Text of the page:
Young soccer players yearning for the field during the pandemic now have a new way to get involved with the sport.
The Terrace Youth Soccer Association (TYSA) is making several web resources available free to all its members, including a live webcast video training session each Tuesday from 4:30 p.m. to 5:30 p.m. beginning May 12.
The core idea is that each training session will feature a coach demonstrating an exercise or skill, with kids encouraged to follow along at home. But Adam Glass, TYSA technical director, said the biggest challenge will be keeping kids engaged in the lessons.
“It can be very difficult for a kid to stay engaged, face-to-face across the screen,” he said. “It’s different when you’re in person.”
Glass said kids need a variety of content in order to remain interested. He’ll be the main coach, but later sessions could feature different coaches with different skill sets.
TYSA has an official partnership with the Vancouver Whitecaps Football Club (VWFC,) which might mean VWFC players could make guest appearances in future webcasts.
The sessions might include a light homework component, such as a juggling challenge where players would aim to juggle a soccer ball as long as they could, each week striving to beat their own record from the previous week.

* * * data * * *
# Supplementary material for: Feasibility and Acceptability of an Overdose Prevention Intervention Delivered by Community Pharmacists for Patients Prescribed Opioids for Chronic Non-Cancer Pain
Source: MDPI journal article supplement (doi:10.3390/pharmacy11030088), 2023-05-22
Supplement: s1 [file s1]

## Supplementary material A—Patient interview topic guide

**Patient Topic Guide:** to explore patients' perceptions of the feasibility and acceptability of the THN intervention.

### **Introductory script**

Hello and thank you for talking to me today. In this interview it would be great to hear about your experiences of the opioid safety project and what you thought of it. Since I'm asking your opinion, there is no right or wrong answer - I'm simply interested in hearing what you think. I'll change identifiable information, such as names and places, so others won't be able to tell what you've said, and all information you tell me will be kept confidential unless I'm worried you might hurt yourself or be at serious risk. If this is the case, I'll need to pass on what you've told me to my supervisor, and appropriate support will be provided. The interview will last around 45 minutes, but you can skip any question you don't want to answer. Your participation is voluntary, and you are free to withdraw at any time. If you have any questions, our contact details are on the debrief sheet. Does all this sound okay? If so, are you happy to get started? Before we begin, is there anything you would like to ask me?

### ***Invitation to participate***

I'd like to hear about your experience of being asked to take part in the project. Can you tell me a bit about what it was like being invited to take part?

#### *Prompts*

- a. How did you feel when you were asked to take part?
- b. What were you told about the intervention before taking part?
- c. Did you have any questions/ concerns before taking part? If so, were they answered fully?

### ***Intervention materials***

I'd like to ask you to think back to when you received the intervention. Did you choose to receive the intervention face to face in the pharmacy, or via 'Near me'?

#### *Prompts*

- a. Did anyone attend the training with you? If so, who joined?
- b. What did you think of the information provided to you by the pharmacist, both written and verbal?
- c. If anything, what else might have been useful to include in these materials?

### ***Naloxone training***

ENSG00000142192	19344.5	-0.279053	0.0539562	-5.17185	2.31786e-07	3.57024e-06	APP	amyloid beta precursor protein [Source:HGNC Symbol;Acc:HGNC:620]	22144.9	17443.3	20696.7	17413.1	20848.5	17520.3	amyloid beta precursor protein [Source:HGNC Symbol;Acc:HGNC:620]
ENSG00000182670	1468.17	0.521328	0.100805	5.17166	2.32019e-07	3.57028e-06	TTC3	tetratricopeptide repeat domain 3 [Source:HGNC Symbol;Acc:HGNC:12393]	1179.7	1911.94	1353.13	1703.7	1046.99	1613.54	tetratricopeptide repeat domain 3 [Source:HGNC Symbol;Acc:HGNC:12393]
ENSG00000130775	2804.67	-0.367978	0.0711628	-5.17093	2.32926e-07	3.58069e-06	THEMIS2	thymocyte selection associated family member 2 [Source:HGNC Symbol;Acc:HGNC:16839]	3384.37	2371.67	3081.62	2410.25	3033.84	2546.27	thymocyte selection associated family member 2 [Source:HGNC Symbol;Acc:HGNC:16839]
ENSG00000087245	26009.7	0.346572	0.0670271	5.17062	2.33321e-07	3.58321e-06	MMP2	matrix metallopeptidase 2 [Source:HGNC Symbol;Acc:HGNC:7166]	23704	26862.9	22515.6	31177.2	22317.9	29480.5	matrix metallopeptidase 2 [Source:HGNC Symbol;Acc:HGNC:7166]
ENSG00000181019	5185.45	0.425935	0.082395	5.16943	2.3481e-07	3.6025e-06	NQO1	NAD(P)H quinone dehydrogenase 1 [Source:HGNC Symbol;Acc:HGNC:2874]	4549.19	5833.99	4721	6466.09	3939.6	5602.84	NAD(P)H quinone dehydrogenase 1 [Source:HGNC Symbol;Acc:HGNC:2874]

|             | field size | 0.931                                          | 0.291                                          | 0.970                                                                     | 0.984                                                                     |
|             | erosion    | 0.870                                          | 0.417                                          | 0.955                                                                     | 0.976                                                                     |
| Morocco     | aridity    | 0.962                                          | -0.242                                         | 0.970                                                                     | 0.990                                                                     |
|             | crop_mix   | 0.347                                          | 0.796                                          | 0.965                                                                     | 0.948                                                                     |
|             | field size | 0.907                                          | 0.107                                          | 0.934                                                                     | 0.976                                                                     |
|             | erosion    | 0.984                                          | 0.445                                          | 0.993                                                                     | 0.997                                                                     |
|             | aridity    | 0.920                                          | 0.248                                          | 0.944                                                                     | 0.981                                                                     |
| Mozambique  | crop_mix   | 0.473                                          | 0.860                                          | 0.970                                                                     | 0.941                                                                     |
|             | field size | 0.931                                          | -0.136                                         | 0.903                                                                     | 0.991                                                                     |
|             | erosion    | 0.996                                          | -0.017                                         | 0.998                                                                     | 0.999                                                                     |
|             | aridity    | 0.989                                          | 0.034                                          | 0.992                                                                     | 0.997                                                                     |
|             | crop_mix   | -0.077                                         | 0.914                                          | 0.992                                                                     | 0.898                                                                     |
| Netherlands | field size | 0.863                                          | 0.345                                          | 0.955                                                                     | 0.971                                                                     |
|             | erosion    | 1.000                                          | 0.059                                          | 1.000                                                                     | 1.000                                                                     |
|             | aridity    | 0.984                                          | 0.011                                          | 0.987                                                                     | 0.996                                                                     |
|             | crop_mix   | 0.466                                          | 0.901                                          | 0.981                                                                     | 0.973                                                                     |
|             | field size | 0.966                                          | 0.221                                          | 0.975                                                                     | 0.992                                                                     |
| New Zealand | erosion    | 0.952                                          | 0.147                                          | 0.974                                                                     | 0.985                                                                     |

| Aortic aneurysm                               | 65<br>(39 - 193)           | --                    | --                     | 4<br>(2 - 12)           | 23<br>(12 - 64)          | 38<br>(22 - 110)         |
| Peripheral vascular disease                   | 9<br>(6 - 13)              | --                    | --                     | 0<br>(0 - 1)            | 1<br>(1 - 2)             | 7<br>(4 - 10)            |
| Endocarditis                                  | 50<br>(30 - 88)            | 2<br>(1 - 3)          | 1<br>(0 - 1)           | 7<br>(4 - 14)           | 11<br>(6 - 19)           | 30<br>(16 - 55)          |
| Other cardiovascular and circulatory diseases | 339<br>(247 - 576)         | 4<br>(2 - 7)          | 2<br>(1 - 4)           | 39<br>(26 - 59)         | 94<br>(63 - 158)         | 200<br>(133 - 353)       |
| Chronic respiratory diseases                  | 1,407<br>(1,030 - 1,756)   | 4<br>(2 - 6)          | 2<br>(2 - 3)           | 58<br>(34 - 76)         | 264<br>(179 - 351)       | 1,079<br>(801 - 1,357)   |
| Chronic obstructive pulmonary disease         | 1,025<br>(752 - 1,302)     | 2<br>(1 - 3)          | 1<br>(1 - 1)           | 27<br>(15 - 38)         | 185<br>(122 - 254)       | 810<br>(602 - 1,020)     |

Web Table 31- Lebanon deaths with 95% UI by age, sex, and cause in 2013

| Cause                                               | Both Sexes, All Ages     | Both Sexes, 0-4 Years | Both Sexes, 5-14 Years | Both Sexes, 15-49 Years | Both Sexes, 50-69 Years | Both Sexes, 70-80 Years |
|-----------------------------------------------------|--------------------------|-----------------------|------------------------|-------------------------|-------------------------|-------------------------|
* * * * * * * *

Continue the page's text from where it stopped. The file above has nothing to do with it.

The main goal of the webcasts, Glass said, is to provide an outlet for the energy youth players normally pour into the sport.
“By the start of May, most kids in this area know ‘hey, it’s soccer time,’” he said. “Primarily the priority is to make sure those players are engaged.”
The organization is assessing the long-term viability of web training sessions to bolster training after the pandemic passes, Glass said.
“By using the online sessions, it might be a really good opportunity for us to engage with players that can’t always make it to the field, for whatever reason,” he said.
Glass said he’s had a chance to talk about this season with some TYSA players through his role as a VWFC academy coach.
“They’re upbeat and they’re positive, they’re happy that they’re able to connect,” he said. “They’re looking forward to when they do go back on the field.”